The government of India recently aired half-page advertisements in the newspapers, featuring corpses with boxed names and a declaration that “Naxals are nothing but cold-blooded murderers”. Around the same time, the home minister began to talk about an imminent counter-insurgency operation in Chhattisgarh and other states. This, the home minister explained, was the government’s concerted response to the violent challenge posed by the Naxals to state authority. As a token of the seriousness of the state, he revealed that the paramilitary forces involved in the action would be allowed to call upon the special operations units of the Indian Army and the helicopters of the Indian Air Force for logistical support.
Tough act: Can the anti-Naxal campaign force rebels in Chhattisgarh to surrender? AP
The advertising campaign, the home minister’s bid to prepare us for the intensity of Operation Green Hunt, the reports that some 75,000 paramilitary personnel had been mobilized, suggests an operation planned on an unprecedented scale. For perspective it’s useful to remember that the current strength of Nato forces in Afghanistan is just under 100,000 soldiers. The deployment indicates that the government of India sees the Naxalite insurgency in Chhattisgarh and elsewhere as a menace comparable to the terrorism of the Taliban and its sponsorship of jihad. This is consistent with Prime Minister Manmohan Singh’s much-quoted statement that violent, Left-wing insurgencies are “the gravest threat to India’s internal security”.
This should remind us that large counter-insurgency operations in India have so far been confined to India’s borderlands and directed against secessionist movements: Punjab, Kashmir and the North-Eastern states are cases in point. Operation Green Hunt, on the other hand, is to be staged in central India in a poor, rural, landlocked province surrounded by six other states.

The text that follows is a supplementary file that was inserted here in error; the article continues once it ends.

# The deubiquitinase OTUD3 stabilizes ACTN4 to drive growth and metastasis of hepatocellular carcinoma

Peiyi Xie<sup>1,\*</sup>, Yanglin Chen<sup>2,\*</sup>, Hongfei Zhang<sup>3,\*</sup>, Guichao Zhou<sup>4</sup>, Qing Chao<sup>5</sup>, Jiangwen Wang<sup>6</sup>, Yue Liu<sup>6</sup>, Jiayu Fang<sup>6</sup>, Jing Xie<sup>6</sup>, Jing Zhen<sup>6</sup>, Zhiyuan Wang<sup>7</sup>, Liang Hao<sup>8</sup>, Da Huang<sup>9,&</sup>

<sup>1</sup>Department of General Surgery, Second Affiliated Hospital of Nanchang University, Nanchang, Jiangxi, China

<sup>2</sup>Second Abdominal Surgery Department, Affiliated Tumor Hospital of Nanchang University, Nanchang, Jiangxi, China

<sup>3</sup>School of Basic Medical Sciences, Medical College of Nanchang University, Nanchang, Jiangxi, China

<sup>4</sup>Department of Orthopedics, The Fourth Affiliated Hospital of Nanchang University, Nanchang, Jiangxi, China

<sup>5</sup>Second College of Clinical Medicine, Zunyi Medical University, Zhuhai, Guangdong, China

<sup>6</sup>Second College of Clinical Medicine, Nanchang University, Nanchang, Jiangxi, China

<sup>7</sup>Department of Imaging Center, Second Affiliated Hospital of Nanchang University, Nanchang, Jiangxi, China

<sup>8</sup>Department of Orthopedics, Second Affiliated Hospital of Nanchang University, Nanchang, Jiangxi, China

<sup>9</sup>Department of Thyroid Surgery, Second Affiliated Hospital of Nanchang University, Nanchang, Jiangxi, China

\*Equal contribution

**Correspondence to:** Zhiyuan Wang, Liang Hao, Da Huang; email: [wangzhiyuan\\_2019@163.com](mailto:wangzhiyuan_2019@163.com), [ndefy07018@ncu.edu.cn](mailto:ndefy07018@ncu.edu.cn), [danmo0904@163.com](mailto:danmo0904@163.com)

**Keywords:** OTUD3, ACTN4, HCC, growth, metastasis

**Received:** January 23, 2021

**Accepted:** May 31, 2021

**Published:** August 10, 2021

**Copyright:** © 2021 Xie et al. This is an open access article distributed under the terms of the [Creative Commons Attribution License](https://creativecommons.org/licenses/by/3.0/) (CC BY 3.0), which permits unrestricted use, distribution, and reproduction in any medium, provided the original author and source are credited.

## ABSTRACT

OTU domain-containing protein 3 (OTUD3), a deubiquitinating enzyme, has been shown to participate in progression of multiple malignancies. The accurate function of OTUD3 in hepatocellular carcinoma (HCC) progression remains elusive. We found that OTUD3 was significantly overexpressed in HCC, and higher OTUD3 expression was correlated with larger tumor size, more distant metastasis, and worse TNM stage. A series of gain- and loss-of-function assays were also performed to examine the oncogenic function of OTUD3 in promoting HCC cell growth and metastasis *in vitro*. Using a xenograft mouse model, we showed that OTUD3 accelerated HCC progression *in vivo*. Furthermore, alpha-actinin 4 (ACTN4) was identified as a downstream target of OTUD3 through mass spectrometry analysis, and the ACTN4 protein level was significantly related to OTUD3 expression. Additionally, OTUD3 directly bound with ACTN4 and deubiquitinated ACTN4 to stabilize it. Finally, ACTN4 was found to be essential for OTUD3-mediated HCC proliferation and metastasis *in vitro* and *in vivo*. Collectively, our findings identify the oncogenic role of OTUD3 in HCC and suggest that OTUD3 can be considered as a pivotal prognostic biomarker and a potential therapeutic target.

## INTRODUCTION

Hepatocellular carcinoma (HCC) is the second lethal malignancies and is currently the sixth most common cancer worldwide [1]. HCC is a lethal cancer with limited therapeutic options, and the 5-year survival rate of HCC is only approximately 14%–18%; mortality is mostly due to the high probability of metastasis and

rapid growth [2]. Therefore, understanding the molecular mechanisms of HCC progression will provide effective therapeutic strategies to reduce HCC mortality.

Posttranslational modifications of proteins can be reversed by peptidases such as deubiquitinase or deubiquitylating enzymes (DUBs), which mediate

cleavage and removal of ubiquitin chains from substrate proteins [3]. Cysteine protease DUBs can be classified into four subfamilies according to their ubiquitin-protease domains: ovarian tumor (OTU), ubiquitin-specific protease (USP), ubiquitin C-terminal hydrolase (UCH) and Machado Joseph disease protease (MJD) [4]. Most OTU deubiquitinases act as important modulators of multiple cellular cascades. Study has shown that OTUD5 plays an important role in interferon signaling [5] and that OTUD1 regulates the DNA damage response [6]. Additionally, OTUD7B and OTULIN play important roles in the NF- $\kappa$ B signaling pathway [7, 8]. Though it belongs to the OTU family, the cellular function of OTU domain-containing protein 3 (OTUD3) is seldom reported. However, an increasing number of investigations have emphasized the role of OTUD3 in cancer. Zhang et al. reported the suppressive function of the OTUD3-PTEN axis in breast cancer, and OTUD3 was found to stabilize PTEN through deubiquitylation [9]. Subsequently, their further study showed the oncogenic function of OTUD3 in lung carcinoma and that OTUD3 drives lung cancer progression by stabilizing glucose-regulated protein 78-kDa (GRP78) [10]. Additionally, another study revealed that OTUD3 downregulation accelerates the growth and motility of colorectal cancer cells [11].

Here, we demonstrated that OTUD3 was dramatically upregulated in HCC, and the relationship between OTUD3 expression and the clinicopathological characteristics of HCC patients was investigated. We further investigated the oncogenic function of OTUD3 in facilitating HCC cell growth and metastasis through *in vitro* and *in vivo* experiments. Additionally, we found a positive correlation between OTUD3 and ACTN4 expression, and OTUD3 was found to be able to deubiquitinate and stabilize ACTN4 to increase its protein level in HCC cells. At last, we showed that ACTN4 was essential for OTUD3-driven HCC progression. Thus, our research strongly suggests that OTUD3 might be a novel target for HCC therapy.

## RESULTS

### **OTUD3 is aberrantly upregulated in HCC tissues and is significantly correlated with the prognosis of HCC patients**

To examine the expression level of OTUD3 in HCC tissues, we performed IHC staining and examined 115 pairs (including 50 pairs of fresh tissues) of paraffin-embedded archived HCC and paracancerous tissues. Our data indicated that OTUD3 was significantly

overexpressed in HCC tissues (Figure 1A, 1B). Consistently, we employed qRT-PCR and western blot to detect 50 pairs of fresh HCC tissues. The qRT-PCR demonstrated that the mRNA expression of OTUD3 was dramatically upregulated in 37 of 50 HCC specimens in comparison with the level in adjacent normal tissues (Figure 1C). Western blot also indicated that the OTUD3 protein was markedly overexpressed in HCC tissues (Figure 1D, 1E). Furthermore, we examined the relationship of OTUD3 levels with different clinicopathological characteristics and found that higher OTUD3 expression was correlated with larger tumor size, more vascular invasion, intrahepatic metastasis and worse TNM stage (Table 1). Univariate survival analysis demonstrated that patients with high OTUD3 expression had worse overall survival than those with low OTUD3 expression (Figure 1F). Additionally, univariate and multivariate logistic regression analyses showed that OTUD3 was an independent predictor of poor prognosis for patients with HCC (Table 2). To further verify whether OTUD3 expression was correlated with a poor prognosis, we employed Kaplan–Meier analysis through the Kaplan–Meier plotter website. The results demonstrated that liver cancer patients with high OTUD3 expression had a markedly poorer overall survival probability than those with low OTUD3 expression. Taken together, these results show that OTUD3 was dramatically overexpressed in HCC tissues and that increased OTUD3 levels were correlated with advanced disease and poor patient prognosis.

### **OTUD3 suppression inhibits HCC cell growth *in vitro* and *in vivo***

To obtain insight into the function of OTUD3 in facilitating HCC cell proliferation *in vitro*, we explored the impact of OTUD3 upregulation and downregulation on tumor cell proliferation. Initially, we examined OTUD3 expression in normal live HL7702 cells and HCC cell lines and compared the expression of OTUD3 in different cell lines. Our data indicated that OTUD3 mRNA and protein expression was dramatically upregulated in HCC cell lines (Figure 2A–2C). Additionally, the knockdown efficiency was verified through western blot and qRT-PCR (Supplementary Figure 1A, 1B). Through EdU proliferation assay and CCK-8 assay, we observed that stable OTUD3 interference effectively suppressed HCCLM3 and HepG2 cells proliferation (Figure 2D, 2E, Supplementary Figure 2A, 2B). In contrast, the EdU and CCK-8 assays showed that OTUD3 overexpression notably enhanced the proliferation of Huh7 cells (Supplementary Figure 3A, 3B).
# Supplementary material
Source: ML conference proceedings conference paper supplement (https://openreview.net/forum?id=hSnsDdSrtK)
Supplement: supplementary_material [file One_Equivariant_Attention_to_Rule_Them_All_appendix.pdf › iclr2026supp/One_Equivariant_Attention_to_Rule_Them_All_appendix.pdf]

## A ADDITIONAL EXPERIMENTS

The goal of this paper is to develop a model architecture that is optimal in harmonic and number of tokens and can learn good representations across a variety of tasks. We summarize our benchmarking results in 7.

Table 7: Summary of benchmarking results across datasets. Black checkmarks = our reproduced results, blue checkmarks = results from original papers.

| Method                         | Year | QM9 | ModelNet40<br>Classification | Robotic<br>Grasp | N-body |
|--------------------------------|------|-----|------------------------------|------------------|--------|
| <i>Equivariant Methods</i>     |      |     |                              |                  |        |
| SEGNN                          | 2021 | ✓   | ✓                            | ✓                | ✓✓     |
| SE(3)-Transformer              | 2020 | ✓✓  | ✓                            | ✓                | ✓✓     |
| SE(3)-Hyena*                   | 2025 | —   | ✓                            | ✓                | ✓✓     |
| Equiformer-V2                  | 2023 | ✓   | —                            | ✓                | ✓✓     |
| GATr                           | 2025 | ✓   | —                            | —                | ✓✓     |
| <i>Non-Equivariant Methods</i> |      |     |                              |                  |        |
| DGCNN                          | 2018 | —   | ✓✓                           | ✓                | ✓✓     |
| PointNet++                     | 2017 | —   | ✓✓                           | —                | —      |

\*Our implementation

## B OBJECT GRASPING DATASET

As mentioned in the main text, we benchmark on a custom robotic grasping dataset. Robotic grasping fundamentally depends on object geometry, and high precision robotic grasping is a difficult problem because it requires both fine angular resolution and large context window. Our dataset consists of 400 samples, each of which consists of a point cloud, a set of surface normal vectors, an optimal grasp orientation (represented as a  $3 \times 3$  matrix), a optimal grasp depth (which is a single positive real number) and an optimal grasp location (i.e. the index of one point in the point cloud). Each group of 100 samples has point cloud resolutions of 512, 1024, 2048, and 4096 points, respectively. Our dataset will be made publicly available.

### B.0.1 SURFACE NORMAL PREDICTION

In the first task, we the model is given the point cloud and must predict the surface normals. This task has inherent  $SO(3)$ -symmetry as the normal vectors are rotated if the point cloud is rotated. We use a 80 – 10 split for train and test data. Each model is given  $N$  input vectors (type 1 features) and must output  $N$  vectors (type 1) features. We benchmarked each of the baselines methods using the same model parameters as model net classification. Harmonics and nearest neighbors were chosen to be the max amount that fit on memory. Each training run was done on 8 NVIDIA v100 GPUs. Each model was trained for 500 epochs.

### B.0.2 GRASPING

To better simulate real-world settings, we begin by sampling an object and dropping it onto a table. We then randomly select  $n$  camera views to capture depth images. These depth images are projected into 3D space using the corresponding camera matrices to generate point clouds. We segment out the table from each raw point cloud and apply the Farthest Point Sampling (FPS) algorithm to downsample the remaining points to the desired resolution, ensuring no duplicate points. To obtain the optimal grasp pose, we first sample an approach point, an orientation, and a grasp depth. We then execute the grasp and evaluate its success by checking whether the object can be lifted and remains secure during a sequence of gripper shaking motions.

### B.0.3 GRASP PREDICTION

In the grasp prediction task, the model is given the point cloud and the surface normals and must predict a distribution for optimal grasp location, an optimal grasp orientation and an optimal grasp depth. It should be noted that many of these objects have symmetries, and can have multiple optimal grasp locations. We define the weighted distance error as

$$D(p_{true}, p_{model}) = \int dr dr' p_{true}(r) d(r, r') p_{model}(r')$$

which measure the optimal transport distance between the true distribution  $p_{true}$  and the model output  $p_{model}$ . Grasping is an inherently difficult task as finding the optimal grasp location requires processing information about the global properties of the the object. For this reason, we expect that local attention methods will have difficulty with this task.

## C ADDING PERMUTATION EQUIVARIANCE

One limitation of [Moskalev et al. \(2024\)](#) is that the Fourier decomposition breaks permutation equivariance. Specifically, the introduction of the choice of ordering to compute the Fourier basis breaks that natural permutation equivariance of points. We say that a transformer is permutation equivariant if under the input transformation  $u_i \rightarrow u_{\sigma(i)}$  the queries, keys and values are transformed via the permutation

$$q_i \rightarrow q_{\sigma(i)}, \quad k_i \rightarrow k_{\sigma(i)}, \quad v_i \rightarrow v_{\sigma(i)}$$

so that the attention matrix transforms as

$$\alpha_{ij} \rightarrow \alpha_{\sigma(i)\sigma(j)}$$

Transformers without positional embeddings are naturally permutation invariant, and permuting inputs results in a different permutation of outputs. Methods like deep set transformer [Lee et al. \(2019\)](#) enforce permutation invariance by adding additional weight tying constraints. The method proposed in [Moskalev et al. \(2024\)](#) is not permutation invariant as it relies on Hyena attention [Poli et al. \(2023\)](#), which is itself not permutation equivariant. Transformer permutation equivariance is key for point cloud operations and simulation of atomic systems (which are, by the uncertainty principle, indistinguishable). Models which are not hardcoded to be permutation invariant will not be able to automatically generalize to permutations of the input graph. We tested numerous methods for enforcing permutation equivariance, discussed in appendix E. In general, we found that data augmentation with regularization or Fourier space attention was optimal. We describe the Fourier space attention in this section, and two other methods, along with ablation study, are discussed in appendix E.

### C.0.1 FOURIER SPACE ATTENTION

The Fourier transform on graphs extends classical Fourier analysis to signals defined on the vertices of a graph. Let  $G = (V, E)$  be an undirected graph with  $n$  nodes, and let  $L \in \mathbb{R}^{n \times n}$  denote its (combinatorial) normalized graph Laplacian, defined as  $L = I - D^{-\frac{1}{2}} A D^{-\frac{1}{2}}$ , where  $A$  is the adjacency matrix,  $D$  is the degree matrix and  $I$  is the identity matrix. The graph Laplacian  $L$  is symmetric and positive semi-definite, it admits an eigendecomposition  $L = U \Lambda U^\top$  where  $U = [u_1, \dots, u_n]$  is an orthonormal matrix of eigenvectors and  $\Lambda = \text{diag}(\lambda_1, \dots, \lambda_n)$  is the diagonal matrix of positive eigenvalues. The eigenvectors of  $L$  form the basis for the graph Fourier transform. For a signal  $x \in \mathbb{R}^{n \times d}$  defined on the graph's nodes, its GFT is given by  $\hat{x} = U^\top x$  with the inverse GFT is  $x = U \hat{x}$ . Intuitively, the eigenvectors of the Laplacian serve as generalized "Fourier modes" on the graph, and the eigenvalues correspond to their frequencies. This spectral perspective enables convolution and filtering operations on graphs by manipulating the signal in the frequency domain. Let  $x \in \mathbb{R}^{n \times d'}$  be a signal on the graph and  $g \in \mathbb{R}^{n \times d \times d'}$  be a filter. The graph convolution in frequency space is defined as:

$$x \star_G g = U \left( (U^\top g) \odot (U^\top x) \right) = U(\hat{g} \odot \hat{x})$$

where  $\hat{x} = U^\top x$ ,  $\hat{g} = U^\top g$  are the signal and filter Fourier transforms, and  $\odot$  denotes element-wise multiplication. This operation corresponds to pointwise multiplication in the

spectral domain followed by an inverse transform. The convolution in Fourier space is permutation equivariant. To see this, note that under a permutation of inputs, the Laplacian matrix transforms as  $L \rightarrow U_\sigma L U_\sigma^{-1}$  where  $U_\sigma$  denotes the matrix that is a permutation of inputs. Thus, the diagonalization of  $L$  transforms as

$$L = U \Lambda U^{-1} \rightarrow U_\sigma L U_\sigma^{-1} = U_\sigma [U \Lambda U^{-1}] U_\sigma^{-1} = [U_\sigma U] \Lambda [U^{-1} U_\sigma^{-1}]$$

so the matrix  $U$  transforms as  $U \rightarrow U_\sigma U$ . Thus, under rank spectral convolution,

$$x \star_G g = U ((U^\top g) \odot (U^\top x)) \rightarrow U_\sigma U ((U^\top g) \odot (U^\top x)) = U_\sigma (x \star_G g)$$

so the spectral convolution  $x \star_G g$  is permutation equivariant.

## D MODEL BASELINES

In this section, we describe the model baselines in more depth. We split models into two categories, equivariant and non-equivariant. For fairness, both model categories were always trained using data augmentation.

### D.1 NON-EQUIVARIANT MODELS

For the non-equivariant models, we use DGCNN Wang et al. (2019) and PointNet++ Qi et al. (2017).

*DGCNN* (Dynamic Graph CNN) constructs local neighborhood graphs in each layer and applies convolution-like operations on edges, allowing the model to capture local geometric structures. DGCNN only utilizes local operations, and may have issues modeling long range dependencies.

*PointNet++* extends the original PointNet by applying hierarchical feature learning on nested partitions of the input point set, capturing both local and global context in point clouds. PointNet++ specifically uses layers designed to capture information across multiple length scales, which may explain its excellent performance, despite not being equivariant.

The government of India argues that large parts of Chhattisgarh, indeed scores of districts spread over a dozen states, have, in fact, seceded from India; that Operation Green Hunt is needed precisely to reassert the first responsibility of any state, its sovereign control over its territory.
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Put like that, Operation Green Hunt seems like a justifiable initiative. How can the Indian republic call itself a State if its writ doesn’t run in its heartland? In the first round of television discussions after the home minister announced his counter-insurgency plans, anchors and moderators asked the critics of Operation Green Hunt the obvious questions: What choice does the Indian government have when its authority is usurped by insurgents who reject the legitimacy of a democratically constituted state? Isn’t the liberal, civil rights critique of insurgency naïve at best and treasonous at worst, given that it limits the government’s freedom of action and challenges its legitimate authority at the very moment when its energies should be focused on defeating those who would subvert it?